The Archbishop of Wales is urging parishioners to ‘live by the values of the risen Christ’ and do all they can to combat climate change.
In his Easter sermon at Llandaff Cathedral today, Dr Barry Morgan called on worshippers to make fundamental changes to their way of life in order to protect the planet for future generations.
He said the increasing extreme weather patterns in the UK and abroad meant Christians needed to take climate change and its effects seriously and respond, not bury their heads in the sand.
The Archbishop said, “The Resurrection is also about the transformation of the universe. That being the case, not only must we care for one another, we must also have a care for God’s world as well.
“That is why, as Christians, we have to take climate change and its effects seriously. Rising global temperatures are causing droughts, melting glaciers, warming of permafrost, heat waves and coastal floods in almost every part of the world. Already this year we have seen extreme weather patterns, not just in distant far flung places where it is nothing new, but here in Wales and the rest of the UK – this is no longer someone else’s problem. It is ours.
“And we cannot bury our heads in the sand and pretend we don’t know about it and the part we play in it anymore. Just a couple of weeks ago, a report published by the UN’s Intergovernmental Panel on Climate Change pulled no punches as it outlined the dire consequences to food supplies, livelihoods, health and security across the world if global warming was allowed to continue unchecked. It warned that climate change will cause economic losses, exacerbate poverty and increase migration and risks of violent conflict, as well as causing damage to wildlife and habitats.
“And we can and we ought to do something about it for all the evidence points to the fact that climate change is indeed primarily a result of our behaviour, particularly in the West.
“The UN Report’s Chair, Dr Chris Field, said there was nothing inevitable about the worst impacts of climate change on people and nature and urged people to think creatively about how they could change their lives and improve the lives of others. Clearly, governments can do much to limit the damage by cutting emissions and local air pollution, for example, by ending, as Christian Aid suggests, the £314bn the world spends on fossil fuel subsidies. At the same time, we can adapt to changes by building sea defences and creating decent homes for people in countries such as Bangladesh.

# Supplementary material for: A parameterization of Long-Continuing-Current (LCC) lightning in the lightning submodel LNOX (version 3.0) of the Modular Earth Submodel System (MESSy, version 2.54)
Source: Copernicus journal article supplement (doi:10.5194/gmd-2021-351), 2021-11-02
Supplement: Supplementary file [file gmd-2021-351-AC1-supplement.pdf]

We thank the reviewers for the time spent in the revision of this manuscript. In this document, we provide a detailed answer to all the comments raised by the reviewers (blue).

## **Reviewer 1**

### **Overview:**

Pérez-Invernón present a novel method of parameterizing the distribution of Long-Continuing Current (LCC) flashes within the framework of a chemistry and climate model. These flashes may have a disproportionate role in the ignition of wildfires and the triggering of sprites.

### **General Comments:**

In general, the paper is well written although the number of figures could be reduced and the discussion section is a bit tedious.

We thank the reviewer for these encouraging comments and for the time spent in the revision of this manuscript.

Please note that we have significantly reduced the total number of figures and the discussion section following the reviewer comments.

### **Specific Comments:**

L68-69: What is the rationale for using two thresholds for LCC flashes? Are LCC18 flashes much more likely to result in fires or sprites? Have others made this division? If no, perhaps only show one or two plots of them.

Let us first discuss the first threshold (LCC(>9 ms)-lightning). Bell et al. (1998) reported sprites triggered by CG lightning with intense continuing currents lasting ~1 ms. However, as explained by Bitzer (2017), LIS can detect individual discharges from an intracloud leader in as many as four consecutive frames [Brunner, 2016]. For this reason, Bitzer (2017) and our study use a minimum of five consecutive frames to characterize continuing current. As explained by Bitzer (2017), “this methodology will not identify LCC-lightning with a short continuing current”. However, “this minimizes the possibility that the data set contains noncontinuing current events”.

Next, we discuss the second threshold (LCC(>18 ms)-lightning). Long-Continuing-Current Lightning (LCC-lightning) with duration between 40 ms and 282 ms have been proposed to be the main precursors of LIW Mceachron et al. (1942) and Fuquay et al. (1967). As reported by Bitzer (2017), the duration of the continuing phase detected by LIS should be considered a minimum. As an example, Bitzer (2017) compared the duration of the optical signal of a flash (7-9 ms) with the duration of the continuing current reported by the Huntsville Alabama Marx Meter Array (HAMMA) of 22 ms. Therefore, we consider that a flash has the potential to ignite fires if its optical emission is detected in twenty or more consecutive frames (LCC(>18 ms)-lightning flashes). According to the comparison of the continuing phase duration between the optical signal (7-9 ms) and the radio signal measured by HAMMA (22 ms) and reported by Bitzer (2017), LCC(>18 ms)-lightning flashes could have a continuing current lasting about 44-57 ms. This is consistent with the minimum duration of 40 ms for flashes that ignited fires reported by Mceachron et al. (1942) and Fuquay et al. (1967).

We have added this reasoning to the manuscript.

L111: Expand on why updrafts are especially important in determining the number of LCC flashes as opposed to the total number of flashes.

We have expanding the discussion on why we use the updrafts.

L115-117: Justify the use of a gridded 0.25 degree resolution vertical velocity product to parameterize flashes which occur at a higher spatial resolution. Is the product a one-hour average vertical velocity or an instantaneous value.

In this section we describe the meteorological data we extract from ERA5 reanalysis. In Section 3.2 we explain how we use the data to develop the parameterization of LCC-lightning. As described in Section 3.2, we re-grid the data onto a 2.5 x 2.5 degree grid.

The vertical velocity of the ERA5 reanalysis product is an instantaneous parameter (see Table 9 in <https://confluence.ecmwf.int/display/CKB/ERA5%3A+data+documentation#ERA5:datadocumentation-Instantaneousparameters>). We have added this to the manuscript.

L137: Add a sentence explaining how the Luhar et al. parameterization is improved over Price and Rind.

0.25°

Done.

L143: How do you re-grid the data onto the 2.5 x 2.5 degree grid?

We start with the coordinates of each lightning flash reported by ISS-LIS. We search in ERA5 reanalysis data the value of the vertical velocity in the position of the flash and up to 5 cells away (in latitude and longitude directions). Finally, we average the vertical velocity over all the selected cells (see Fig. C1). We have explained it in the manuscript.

“The question for us is how do we respond as a church and as Christians? How can we not just give up ingrained habits but make fundamental changes to our way of life? There are practical actions some of our churches are already doing – such as installing solar or photovoltic panels.
“We need to make fundamental changes to our lifestyle by living and working sustainably. That means promoting social justice and equality through Fair Trade, foodbanks, outward giving, night shelters and helping those in need; leading communities on ideas and learning about sustainable living; and seeking to reduce the use of resources through recycling, car sharing or making our graveyards havens for wildlife.
“Caring for creation means enjoying the gifts that God has given us, but also ensuring that they are there for future generations and that we do not destroy our planet.
“Resurrection is about a new humanity, a new world, a new creation – a new order of being as a result of the Resurrection of Jesus. Our task now is to live by the values of His risen life – to bring about God’s kingdom on earth as it is in Heaven. And that is good news for all people and for the whole of creation.”
For a copy of the full sermon, please contact: Anna Morrell, Archbishop’s Media Officer, firstname.lastname@example.org, tel 07919158794